Epidural Stimulation May Improve Function in People with Spinal Cord Injury
Research under way at the University of Louisville is using a new application of epidural stimulation to study whether this approach helps improve function in people with spinal cord injury.
CNN reported on the research earlier this week in a news story posted at http://cnn.it/14A3gsZ. The report shows a video of a paralyzed man undergoing epidural stimulation, which results in him being able to move his toe, foot and leg while lying flat on his back.
Four other people with spinal cord injury who have undergone epidural stimulation in the past five years have experienced improvements in bowel and bladder function and sexual function, the report said. The University of Louisville plans to test this treatment in seven other patients this year, according to the CNN report.
“The Louisville group has undertaken an interesting new application of the epidural stimulation work that has been ongoing for decades at Baylor University,” said Edelle Field-Fote, director of spinal cord injury research at Shepherd Center.
“Essentially, when the spinal cord is damaged, the brain has diminished ability to activate the cells in the spinal cord that, in turn, activate the muscles,” she explained. “The epidural stimulation acts kind of like an amplifier. It amplifies the signal coming from the brain so that the signal is better able to activate cells in the spinal cord so that the spinal cord cells are better able to activate the muscles.
“The limiting factor is still how much of the signal from the brain can actually make it to the cells in the spinal cord,” Dr. Field-Fote added. “If a small amount of the brain signal is able to get through to the cells in the spinal cord, then the person will have the ability to do a small amount of movement, such as moving the legs while lying down.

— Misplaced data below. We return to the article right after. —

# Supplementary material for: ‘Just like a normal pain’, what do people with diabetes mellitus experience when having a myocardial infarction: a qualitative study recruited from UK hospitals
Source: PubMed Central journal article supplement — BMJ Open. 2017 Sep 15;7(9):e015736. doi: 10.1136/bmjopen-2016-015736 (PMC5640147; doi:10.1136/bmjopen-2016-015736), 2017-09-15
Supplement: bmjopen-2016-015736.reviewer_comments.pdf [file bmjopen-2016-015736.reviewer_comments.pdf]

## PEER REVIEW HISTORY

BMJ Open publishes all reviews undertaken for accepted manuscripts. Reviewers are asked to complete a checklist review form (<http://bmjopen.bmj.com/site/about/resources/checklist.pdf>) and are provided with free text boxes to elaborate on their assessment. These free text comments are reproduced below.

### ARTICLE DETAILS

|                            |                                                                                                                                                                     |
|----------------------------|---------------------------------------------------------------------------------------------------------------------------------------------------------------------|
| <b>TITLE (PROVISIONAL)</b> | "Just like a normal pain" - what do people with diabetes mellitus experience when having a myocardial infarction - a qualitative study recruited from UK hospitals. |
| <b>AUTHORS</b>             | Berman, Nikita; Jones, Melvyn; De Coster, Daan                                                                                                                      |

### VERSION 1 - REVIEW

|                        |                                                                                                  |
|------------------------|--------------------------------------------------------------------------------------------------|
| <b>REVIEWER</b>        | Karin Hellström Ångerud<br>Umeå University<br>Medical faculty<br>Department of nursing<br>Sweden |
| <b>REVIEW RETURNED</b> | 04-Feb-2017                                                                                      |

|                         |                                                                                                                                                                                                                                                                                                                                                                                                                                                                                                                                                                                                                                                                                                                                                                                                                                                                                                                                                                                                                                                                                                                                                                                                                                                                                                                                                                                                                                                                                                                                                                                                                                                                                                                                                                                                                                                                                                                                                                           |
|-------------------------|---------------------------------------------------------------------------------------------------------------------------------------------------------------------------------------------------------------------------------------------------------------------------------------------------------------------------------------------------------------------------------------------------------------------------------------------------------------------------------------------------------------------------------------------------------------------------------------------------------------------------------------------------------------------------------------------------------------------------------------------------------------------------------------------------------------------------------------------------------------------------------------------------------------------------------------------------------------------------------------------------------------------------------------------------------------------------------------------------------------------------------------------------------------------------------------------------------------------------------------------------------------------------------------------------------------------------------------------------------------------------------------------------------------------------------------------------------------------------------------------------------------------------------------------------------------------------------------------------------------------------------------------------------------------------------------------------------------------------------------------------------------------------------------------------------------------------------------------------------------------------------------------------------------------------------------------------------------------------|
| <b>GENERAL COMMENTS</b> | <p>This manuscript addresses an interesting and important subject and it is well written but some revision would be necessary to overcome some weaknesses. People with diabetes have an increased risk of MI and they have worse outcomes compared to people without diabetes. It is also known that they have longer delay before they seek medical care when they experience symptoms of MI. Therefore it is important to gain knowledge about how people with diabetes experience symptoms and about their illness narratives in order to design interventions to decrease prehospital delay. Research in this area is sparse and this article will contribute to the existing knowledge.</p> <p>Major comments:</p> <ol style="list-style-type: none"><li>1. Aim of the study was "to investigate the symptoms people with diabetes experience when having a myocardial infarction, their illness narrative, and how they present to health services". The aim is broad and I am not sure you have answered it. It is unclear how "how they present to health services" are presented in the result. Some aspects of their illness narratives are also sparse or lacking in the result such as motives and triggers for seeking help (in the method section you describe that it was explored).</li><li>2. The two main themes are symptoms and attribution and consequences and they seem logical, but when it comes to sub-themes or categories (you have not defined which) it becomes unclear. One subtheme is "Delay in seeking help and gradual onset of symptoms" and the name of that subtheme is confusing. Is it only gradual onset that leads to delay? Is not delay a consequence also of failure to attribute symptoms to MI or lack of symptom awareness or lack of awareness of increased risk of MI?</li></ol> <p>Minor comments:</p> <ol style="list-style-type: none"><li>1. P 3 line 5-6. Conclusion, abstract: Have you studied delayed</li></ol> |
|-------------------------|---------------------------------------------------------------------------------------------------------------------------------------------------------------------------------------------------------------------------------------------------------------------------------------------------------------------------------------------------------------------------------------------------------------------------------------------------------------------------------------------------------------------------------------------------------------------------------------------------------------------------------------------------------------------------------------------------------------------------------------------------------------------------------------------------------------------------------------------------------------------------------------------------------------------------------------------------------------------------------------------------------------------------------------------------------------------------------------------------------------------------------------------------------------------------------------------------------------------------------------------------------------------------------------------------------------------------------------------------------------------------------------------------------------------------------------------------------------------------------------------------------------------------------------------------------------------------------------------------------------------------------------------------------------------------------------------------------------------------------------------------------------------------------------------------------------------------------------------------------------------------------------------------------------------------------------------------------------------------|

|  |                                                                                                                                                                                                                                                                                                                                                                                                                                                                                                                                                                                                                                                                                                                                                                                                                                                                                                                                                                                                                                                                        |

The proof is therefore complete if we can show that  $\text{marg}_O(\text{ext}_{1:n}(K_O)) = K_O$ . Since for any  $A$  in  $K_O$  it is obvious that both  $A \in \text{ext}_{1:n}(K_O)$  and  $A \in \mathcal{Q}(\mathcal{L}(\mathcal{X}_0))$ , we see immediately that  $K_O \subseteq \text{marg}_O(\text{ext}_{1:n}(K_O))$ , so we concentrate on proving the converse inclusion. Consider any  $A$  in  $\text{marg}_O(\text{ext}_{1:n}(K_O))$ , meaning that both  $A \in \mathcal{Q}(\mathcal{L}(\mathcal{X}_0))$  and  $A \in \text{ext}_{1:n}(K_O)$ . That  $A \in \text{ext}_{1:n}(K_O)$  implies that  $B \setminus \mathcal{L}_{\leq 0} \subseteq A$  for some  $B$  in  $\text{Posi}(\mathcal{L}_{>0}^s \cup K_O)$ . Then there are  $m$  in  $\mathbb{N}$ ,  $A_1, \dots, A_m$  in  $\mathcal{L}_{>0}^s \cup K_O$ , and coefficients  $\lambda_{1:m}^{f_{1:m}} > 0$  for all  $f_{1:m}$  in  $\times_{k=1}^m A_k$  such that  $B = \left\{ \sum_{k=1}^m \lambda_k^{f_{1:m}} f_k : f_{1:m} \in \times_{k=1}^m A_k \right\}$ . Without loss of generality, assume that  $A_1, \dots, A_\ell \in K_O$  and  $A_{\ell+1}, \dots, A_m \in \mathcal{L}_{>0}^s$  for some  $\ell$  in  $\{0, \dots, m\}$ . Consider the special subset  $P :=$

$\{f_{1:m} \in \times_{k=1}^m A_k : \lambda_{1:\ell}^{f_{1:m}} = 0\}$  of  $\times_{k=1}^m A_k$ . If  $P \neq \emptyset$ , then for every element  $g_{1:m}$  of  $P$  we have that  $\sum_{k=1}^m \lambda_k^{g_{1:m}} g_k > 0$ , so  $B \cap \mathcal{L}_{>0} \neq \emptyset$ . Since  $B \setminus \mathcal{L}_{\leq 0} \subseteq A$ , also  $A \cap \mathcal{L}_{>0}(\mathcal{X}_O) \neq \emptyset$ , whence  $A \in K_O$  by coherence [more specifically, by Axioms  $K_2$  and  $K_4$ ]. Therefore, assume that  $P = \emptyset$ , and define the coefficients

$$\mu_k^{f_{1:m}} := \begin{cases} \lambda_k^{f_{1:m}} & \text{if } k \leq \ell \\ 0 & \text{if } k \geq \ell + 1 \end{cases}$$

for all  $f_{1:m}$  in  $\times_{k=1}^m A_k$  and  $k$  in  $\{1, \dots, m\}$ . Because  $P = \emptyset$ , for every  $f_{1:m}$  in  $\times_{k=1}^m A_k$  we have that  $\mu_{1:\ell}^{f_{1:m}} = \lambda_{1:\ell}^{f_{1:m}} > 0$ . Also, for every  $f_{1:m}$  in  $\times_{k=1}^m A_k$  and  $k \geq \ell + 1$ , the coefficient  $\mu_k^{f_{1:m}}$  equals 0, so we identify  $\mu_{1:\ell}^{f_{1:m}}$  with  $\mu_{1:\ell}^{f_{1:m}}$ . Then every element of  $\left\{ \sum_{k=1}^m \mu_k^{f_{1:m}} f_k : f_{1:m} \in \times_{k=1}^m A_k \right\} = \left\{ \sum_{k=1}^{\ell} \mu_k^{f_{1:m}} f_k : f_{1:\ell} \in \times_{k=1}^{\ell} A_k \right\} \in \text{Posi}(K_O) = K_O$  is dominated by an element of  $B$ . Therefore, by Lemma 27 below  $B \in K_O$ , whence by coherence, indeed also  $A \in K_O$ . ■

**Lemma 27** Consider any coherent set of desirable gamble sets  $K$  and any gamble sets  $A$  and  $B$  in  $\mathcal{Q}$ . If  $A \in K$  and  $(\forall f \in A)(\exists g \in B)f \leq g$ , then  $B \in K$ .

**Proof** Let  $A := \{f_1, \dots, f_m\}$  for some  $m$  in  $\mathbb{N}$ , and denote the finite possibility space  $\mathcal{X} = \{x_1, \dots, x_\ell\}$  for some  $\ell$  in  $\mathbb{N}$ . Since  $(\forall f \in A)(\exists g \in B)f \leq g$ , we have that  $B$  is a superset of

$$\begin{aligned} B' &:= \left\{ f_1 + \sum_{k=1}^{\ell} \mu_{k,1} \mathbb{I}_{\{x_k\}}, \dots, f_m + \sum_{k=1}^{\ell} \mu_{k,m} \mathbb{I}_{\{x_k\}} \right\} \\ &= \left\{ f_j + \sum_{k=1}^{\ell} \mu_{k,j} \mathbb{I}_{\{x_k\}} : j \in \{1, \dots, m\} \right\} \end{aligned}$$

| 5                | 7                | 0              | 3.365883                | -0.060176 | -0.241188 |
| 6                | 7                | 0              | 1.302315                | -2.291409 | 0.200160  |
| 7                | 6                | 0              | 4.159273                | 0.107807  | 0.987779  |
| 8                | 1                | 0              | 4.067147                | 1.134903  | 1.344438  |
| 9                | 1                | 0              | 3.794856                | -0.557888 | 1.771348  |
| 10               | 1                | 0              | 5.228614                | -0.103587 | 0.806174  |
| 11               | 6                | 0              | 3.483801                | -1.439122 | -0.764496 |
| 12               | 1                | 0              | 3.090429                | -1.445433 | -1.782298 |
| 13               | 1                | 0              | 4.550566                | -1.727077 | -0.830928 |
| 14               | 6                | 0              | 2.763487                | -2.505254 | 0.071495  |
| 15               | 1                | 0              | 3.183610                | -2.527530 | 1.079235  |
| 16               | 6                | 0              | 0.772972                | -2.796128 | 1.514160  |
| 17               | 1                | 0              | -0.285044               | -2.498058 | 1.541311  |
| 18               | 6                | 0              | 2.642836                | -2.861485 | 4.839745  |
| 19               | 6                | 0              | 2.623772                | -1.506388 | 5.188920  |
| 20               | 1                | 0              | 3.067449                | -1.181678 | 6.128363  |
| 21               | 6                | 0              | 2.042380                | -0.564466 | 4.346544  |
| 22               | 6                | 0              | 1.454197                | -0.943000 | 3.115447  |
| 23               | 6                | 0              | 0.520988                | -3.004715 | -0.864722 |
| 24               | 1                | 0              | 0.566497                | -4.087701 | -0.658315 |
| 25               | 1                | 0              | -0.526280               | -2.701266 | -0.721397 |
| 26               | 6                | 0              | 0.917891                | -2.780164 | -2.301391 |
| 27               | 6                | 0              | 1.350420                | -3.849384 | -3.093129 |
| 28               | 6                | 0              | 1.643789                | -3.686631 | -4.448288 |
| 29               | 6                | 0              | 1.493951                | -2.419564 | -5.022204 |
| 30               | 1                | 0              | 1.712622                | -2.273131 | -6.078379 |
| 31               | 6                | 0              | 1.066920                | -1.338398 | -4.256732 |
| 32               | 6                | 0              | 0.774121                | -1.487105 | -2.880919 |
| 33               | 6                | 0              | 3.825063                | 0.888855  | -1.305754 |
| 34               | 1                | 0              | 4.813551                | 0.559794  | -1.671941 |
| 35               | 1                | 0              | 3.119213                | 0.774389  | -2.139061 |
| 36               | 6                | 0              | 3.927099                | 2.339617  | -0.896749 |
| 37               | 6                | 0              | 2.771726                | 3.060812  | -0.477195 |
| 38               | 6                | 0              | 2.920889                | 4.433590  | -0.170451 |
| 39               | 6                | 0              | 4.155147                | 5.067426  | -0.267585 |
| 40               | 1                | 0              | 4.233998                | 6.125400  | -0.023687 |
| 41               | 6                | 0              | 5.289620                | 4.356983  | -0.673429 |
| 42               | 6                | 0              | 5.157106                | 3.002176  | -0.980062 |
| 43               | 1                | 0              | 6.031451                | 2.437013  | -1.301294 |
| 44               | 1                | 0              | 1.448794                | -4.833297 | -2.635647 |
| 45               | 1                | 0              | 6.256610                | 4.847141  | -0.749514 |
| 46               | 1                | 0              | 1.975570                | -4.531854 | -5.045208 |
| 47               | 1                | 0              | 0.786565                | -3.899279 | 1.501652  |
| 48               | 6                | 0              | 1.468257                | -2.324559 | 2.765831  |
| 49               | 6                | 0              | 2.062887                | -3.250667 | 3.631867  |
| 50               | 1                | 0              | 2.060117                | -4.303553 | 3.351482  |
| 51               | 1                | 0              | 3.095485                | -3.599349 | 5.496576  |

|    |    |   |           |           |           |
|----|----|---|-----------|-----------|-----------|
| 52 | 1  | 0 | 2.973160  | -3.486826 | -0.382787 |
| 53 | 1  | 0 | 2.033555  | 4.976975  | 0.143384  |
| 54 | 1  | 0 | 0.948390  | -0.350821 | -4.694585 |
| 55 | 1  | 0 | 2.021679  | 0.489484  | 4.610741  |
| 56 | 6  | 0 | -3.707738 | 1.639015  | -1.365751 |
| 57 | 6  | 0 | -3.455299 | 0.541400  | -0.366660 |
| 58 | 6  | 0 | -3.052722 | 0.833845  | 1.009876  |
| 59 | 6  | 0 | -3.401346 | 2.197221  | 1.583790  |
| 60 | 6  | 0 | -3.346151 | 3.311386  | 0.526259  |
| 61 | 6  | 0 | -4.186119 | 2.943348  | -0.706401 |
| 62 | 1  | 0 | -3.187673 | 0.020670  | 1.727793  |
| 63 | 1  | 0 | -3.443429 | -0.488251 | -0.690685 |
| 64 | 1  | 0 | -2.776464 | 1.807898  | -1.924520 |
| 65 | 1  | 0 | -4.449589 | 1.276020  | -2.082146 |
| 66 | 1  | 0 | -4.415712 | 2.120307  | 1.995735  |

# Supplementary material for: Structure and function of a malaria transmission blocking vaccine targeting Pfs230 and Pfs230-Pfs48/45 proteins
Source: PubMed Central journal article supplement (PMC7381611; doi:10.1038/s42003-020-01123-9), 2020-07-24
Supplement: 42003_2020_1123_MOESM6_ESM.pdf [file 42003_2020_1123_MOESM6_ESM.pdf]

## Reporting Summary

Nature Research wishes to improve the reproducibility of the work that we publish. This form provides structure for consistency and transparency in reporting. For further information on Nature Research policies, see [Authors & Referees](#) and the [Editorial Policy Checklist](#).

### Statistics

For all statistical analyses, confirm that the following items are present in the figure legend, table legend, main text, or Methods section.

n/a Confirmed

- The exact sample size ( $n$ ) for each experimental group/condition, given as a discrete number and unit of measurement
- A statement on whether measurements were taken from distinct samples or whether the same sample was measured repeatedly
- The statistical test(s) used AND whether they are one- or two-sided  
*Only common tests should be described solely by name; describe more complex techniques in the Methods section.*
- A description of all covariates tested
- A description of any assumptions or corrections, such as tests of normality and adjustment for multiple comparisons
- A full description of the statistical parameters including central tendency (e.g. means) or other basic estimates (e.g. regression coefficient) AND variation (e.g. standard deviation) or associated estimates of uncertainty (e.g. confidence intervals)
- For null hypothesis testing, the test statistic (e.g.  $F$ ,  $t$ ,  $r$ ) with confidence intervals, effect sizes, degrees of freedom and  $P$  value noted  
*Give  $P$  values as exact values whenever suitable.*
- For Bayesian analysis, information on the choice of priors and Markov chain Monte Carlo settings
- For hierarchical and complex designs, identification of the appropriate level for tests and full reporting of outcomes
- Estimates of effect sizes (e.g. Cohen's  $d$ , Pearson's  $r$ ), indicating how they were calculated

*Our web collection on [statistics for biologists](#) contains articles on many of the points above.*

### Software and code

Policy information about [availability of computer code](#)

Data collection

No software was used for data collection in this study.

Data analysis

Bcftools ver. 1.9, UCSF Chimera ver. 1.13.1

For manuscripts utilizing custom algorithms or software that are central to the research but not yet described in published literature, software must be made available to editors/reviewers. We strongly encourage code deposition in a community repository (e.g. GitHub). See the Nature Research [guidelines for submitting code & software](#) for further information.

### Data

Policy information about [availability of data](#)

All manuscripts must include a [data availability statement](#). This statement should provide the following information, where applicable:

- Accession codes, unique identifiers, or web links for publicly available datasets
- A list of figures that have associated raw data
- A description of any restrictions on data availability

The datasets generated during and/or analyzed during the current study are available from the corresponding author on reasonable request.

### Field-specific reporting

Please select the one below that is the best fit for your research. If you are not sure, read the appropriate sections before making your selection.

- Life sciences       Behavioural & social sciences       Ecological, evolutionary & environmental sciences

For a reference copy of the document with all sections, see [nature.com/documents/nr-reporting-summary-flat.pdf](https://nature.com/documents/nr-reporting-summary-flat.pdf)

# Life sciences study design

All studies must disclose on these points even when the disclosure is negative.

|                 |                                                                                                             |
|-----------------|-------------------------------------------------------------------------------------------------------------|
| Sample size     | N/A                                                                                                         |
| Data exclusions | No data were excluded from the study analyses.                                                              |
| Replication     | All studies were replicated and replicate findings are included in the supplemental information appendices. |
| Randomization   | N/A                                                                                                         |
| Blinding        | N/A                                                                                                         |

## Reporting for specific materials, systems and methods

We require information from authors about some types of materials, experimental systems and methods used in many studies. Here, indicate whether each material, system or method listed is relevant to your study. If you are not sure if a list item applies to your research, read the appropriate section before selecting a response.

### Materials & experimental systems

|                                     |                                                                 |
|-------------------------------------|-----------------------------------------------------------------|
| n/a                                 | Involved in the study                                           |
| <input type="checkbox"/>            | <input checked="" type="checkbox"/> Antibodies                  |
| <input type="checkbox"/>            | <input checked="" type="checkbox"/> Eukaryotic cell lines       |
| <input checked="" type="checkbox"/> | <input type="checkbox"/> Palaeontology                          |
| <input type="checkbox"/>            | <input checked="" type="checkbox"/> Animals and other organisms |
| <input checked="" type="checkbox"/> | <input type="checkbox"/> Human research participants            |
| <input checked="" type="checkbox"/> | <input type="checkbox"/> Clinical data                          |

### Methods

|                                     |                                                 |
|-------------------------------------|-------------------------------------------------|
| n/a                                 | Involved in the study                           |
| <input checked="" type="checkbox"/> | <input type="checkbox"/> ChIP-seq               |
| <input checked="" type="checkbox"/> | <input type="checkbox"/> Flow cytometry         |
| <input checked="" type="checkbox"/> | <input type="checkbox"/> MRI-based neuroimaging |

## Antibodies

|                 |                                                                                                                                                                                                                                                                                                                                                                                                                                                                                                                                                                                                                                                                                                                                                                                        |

“The problem is that it takes quite a lot of signal from the brain to do movements that are functional, such as standing up and walking using the leg muscles (and not just relying on the arm muscles to support weight on a walker),” she said. “It still remains to be seen if epidural stimulation will be able to amplify the signal to a great enough level that is required for functional movements in functional positions.”
Shepherd Center provides world-class clinical care, research, and family support for people experiencing the most complex conditions, including spinal cord and brain injuries, multi-trauma, multiple amputations, stroke, multiple sclerosis, and pain. Ranked by U.S. News as one of the nation’s top 10 hospitals for rehabilitation and the best in the Southeast, Shepherd Center treats more than 850 inpatients and 7,600 outpatients annually with unmatched expertise and unwavering compassion to help them begin again.